In a speech in 1967, Martin Luther King Jr. offered yet another interpretation of Jesus’s invitation to Nicodemus to be born again. His view is particularly interesting to me as I think it connects up with the tossing and turning we are experiencing in our own day.
MLK begins by realizing that Nicodemus is a powerful person – He is a leader with an array of privileges: religious authority, education, wealth, status, and male gender. Is he, and are people like him, using all of that to share God’s love and liberate those bowed down with suffering, or not? He envisions that whole society being born again, born into God’s dream of justice and peace and equality.
“Jesus looked at him and said, “Nicodemus, you must be born again.” ….In other words, “Your whole structure must be changed.” A nation that will keep people in slavery for 244 years will “thingify” them and make them things. And they will exploit them and poor people generally economically. And a nation that will exploit economically ….and it will have to use its military might to protect (the status quo).. All of these problems are tied together. ”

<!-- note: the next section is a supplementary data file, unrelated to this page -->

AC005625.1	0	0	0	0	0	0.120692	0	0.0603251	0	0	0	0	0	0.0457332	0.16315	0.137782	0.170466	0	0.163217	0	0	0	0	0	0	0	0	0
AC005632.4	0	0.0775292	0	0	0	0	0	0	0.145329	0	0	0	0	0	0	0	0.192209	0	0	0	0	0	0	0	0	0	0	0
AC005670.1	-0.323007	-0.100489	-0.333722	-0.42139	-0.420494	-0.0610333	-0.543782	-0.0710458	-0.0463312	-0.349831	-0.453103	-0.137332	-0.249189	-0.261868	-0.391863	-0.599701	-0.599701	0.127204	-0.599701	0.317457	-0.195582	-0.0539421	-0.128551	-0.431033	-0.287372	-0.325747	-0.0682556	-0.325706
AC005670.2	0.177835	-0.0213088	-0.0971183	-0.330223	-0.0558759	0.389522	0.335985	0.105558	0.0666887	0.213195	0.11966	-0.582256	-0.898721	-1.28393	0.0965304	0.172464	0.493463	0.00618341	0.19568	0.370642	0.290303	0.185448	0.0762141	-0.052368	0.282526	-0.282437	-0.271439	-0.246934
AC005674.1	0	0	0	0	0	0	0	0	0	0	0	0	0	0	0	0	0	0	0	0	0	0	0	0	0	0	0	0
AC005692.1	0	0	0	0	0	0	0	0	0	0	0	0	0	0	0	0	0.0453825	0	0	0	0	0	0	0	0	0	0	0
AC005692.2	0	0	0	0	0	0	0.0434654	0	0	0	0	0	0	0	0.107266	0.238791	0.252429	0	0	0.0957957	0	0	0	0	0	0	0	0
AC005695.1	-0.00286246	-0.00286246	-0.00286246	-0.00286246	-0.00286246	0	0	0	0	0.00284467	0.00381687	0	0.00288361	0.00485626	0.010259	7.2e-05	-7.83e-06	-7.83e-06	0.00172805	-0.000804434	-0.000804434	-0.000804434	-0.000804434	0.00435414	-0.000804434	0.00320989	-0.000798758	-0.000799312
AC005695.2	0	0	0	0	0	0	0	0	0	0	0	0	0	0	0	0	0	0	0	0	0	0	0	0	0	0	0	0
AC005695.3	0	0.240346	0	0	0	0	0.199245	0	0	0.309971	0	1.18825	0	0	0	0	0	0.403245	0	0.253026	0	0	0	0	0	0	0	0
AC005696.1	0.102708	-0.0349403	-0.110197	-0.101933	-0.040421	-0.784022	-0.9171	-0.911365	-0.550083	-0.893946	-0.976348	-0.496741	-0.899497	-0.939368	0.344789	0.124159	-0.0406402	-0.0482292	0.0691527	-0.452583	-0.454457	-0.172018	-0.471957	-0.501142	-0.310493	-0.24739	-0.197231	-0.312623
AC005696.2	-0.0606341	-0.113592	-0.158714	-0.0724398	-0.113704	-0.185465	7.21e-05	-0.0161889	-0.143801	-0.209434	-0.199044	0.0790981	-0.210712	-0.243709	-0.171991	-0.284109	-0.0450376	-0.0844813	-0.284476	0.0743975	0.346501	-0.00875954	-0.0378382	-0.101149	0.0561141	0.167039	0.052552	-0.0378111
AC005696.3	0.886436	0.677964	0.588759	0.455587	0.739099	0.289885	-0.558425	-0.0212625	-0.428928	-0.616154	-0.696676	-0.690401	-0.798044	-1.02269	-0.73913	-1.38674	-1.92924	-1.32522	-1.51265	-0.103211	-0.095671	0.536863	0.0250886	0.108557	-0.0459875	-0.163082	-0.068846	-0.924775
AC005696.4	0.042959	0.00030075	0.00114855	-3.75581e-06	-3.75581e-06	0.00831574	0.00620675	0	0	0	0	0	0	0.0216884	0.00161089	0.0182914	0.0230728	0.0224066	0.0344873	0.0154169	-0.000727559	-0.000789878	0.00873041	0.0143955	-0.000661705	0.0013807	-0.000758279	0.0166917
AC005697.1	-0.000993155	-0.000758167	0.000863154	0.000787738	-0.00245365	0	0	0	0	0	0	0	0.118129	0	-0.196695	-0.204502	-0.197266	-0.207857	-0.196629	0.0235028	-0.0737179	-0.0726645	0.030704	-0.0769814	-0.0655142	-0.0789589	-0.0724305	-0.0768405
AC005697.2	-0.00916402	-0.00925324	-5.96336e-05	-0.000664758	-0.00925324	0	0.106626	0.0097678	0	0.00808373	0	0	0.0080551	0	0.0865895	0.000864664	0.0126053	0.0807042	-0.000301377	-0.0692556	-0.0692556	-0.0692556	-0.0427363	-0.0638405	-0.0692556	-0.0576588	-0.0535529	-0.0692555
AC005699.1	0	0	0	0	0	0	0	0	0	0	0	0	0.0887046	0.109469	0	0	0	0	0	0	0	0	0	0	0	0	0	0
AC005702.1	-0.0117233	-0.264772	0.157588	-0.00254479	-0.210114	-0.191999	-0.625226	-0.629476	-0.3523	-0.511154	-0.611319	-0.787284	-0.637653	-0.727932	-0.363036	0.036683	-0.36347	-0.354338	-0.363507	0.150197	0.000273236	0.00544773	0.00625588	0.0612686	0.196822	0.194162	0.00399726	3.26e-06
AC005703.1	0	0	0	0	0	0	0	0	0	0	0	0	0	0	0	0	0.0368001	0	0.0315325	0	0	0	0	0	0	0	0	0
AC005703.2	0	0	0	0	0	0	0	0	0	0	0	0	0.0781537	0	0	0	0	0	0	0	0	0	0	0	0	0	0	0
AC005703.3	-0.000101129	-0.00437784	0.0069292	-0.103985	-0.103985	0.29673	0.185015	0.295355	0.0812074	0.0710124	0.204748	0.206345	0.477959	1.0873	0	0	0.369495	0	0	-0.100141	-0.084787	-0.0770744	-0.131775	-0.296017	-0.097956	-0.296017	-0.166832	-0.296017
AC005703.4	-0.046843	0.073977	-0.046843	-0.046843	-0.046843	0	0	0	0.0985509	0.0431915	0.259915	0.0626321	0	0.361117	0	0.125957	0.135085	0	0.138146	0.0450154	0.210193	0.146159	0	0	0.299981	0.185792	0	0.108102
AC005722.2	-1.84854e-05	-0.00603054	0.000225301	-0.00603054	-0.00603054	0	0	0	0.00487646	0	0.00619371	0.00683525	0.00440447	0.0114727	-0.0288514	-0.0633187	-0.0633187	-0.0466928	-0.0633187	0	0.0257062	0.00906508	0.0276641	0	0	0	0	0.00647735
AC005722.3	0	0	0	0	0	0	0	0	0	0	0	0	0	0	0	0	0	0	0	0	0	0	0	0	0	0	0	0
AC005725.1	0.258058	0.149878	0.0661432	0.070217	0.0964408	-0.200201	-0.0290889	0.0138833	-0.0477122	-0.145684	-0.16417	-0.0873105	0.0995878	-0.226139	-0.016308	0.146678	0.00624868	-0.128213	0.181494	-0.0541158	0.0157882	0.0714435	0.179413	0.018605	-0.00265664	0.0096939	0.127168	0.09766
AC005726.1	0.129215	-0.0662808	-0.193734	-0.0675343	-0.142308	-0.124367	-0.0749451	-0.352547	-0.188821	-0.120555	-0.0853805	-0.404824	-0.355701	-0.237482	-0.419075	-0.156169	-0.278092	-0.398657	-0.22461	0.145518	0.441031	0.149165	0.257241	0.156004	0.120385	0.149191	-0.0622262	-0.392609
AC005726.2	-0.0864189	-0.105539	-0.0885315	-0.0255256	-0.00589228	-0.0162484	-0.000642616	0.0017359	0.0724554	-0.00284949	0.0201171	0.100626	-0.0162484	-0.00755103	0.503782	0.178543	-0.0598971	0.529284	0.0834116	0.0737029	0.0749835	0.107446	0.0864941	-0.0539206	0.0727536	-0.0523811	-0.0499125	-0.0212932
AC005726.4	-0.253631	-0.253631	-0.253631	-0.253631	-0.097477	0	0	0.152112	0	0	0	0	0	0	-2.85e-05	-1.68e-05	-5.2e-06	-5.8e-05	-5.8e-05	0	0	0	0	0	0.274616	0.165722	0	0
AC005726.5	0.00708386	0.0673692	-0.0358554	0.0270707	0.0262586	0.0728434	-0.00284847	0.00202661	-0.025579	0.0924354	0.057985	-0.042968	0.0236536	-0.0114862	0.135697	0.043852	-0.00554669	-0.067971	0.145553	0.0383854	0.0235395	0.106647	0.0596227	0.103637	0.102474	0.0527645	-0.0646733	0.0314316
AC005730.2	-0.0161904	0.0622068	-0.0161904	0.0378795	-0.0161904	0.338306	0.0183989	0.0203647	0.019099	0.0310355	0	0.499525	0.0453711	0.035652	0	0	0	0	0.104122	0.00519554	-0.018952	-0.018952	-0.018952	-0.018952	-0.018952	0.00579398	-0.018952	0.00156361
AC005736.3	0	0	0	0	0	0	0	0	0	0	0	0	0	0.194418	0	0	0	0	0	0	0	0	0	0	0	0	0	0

King talks about Nicodemus and those in power having a “high blood pressure of creeds and an anemia of deeds.” “…What I’m saying today is that we must go from this convention and say, “America, you must be born again!” (August 16, 1967, “Where Do We Go From Here?,” delivered at the 11th Annual SCLC Convention in Atlanta, Georgia.)
So how does this story of Nicodemus end? Well, we do not hear of Nicodemus confessing Jesus as his personal savior. But we do see him, when Jesus is on trial, reminding his colleagues in the Jewish court, the Sanhedrin, that the law requires that a person be heard before being judged (John 7:50-51).
And we do see Nicodemus after the Crucifixion of Jesus. He provides the customary embalming spices, and assists Joseph of Arimathea in preparing the body of Jesus for burial, a mixture of about 100 pounds of myrrh and aloe. Scholars point out that this is an overly-lavish gift, signifying that Nicodemus considered this a royal burial.
So it seems Nicodemus, who was so confused, sleepless and uncertain when to talked to Jesus in the middle of the night, joined in the work of love after all. Let us also rise at midnight — the midnight of our personal and national darkness – and join the work of love.